Numerous qualities outside the flood zones deal with threat “that has always been there but has in no way been discovered,” stated Matthew Eby, govt director of First Road Foundation, a study firm that creates thorough maps of flooding pitfalls.
First Avenue estimates that 14.6 million qualities throughout the U.S. are at significant chance of flooding, far much more than the number of flood insurance policies the federal government insures. A Governing administration Accountability Business office (GAO) report this year advised that the federal federal government update the guidelines on who is needed to get coverage to secure extra high-chance properties from flood disasters. A independent GAO report observed FEMA’s flood maps do not mirror the most current local climate science or key flood hazards this kind of as weighty rainfall.
FEMA explained it has not studied how the rate adjustments will affect voluntary just take-up of flood coverage, and the company has not publicly disclosed aspects on how large rates will climb past the very first year. A Congressional Exploration Provider report explained Threat Rating 2. will extra precisely sign a home’s flood possibility, but that the better selling prices “may necessarily mean that insurance for some houses is regarded unaffordable.”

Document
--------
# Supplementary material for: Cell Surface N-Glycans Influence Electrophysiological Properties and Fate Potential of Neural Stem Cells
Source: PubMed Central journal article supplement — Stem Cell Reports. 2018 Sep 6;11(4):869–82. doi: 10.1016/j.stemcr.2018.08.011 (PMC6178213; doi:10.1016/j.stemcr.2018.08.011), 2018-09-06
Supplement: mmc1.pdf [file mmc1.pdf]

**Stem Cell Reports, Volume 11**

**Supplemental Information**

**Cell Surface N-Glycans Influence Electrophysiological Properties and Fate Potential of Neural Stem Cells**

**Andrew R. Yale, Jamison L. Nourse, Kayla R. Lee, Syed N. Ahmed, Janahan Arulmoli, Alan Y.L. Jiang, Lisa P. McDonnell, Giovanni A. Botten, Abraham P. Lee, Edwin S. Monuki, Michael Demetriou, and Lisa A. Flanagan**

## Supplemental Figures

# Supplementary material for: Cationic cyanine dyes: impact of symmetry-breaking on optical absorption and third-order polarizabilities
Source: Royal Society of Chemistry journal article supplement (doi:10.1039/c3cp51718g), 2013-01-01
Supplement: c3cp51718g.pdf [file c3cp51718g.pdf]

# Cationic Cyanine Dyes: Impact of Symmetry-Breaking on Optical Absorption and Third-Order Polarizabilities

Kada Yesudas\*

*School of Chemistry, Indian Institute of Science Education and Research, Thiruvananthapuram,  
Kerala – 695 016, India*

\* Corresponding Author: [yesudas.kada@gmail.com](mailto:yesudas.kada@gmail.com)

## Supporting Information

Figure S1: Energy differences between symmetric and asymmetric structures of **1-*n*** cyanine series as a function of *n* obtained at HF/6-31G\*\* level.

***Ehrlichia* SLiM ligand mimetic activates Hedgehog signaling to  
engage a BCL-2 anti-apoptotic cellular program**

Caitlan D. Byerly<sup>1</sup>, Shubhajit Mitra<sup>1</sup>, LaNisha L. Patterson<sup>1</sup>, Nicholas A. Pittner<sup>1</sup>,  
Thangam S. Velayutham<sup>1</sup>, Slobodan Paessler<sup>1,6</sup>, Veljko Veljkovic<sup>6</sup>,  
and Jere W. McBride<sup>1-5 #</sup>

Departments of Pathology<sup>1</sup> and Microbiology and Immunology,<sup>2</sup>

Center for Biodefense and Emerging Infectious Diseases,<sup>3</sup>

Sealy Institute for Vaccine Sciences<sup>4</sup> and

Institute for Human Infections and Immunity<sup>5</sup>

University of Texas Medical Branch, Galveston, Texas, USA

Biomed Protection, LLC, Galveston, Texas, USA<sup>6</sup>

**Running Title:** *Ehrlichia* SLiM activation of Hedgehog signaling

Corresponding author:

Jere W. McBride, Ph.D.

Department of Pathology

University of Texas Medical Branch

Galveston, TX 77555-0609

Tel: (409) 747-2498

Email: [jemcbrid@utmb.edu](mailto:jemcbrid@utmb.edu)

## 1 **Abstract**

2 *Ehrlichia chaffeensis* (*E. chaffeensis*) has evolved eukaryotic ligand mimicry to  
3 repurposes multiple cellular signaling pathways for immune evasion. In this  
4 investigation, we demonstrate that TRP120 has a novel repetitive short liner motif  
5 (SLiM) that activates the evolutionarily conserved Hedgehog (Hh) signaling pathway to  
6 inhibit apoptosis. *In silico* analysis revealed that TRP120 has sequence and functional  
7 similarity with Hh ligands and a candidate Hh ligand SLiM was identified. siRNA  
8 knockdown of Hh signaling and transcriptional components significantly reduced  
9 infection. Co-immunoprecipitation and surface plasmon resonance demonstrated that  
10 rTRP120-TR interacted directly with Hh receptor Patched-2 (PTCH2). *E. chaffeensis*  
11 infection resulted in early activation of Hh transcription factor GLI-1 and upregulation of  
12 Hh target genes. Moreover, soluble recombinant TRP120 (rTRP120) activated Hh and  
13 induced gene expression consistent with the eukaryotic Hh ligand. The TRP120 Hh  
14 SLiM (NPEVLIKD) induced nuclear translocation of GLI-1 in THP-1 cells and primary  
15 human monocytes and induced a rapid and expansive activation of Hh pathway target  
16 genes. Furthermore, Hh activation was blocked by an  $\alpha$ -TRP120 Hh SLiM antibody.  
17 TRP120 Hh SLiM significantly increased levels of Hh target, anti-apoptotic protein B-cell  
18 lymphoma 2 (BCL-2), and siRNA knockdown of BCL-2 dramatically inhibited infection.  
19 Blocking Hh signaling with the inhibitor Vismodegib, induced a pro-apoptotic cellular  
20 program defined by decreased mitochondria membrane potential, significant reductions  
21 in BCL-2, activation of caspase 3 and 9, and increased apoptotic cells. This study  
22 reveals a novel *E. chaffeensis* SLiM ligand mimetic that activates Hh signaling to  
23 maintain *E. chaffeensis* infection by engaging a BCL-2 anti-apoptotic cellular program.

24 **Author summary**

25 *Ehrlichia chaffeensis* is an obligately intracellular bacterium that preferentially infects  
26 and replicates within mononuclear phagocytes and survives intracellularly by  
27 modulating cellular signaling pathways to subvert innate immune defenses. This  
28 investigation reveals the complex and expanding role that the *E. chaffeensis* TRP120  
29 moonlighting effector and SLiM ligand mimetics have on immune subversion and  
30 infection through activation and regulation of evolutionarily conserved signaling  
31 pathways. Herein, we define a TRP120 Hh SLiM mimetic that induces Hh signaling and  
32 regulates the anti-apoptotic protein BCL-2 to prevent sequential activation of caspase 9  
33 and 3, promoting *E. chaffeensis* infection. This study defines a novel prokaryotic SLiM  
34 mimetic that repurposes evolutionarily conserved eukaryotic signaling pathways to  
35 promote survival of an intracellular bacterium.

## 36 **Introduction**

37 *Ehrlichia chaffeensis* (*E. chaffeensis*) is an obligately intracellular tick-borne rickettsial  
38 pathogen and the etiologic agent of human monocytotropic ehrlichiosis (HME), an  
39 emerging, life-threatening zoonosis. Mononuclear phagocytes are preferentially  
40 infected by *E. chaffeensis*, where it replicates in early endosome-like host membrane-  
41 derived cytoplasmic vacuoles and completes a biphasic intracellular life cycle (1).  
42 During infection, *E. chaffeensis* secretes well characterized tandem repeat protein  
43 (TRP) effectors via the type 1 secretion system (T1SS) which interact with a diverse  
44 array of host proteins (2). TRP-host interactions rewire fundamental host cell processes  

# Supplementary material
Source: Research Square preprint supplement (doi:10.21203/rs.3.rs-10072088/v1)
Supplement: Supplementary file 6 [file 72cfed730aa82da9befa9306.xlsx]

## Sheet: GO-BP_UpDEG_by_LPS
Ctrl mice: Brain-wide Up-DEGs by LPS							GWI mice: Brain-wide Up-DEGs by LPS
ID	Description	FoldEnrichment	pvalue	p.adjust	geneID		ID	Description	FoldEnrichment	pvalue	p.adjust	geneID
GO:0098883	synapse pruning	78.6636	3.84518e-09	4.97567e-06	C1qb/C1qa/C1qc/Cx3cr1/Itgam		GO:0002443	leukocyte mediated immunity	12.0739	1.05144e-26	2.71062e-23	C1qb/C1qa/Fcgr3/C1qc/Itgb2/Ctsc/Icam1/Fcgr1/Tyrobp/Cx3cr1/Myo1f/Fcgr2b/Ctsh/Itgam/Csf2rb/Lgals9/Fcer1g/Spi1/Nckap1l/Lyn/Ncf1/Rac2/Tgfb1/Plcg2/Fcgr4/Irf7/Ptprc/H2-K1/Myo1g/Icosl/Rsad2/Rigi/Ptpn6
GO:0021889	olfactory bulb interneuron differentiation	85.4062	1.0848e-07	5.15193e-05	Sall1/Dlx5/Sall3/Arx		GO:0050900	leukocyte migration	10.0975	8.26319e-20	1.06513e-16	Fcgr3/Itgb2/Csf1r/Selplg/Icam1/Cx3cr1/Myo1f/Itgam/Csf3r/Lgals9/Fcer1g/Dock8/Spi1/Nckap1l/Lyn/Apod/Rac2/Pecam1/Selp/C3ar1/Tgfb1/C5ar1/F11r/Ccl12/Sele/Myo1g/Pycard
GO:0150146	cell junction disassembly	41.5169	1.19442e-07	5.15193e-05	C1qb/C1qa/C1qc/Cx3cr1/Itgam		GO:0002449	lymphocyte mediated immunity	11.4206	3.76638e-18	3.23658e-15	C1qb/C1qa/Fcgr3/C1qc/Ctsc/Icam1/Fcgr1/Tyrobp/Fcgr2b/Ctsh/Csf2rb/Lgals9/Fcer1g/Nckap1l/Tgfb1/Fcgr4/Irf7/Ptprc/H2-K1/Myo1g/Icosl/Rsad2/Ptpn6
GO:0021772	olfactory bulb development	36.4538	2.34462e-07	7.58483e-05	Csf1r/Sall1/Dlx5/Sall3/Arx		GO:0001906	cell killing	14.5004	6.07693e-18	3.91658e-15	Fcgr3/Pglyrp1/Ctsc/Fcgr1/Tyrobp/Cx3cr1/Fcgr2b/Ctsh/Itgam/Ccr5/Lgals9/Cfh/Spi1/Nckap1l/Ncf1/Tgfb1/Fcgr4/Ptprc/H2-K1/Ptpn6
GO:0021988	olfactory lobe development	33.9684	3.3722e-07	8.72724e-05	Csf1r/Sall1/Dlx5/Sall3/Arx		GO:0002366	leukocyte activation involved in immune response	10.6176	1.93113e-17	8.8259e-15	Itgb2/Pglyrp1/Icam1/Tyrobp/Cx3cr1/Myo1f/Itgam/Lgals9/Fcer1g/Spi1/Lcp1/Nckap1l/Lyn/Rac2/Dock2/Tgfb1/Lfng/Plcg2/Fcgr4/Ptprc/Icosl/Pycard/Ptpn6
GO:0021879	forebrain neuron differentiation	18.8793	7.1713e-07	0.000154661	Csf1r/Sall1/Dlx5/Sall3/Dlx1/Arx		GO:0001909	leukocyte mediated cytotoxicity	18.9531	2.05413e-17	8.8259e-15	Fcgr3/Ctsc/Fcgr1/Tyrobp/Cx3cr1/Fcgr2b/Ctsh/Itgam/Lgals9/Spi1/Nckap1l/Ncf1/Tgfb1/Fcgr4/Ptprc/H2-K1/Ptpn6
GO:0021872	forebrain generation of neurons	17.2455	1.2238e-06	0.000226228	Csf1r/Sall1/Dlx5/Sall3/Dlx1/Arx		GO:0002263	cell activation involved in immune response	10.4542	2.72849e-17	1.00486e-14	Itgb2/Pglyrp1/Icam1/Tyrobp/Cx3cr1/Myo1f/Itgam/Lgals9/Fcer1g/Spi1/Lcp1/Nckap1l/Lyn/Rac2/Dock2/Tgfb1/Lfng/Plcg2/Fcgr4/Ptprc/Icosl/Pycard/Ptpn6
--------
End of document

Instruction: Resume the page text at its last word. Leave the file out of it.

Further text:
Boosting premiums and obtaining a lot more men and women decide for coverage also issues for the economical health and fitness of FEMA’s flood insurance policies plan, which is $20.5 billion in debt. Considering the fact that its start in 1968, a lot of insurance policy authorities say the method has deeply backed flood insurance by not charging costs that correctly reflected a home’s possibility. The federal government underwrites most flood insurance policies guidelines in the U.S.
For new policyholders, FEMA’s new fees took outcome in October. For existing policyholders, new prices start out taking effect in April.
Due to the fact amount hikes are capped at 18% a 12 months, it will acquire years for some to get to their new charges. Policyholders can contact their insurers to get details on how their fees will modify. In contrast to before when wide teams of policies saw increases, Chance Rating 2. will adjust price ranges individually.
Increased costs will make flood risks clearer, and preferably really encourage extra homeowners to get insurance coverage in places wherever coverage is voluntary, reported Joel Scata, a law firm at the Natural Methods Protection Council, an environmental advocacy group. He mentioned that Congress must act to tackle affordability for decrease-revenue families.
Aric Pohorelsky, a Lake Charles resident, envisions a further circumstance. He pays $517 a calendar year for flood insurance on a 3,700 sq.-foot residence, but explained the exact coverage would cost $5,000 for a new home-owner.
“If persons go away in large figures … I don’t feel it is likely to be because of Threat Rating 2.,” he stated. “I feel it’ll be just since of the tension of working with major hurricanes.”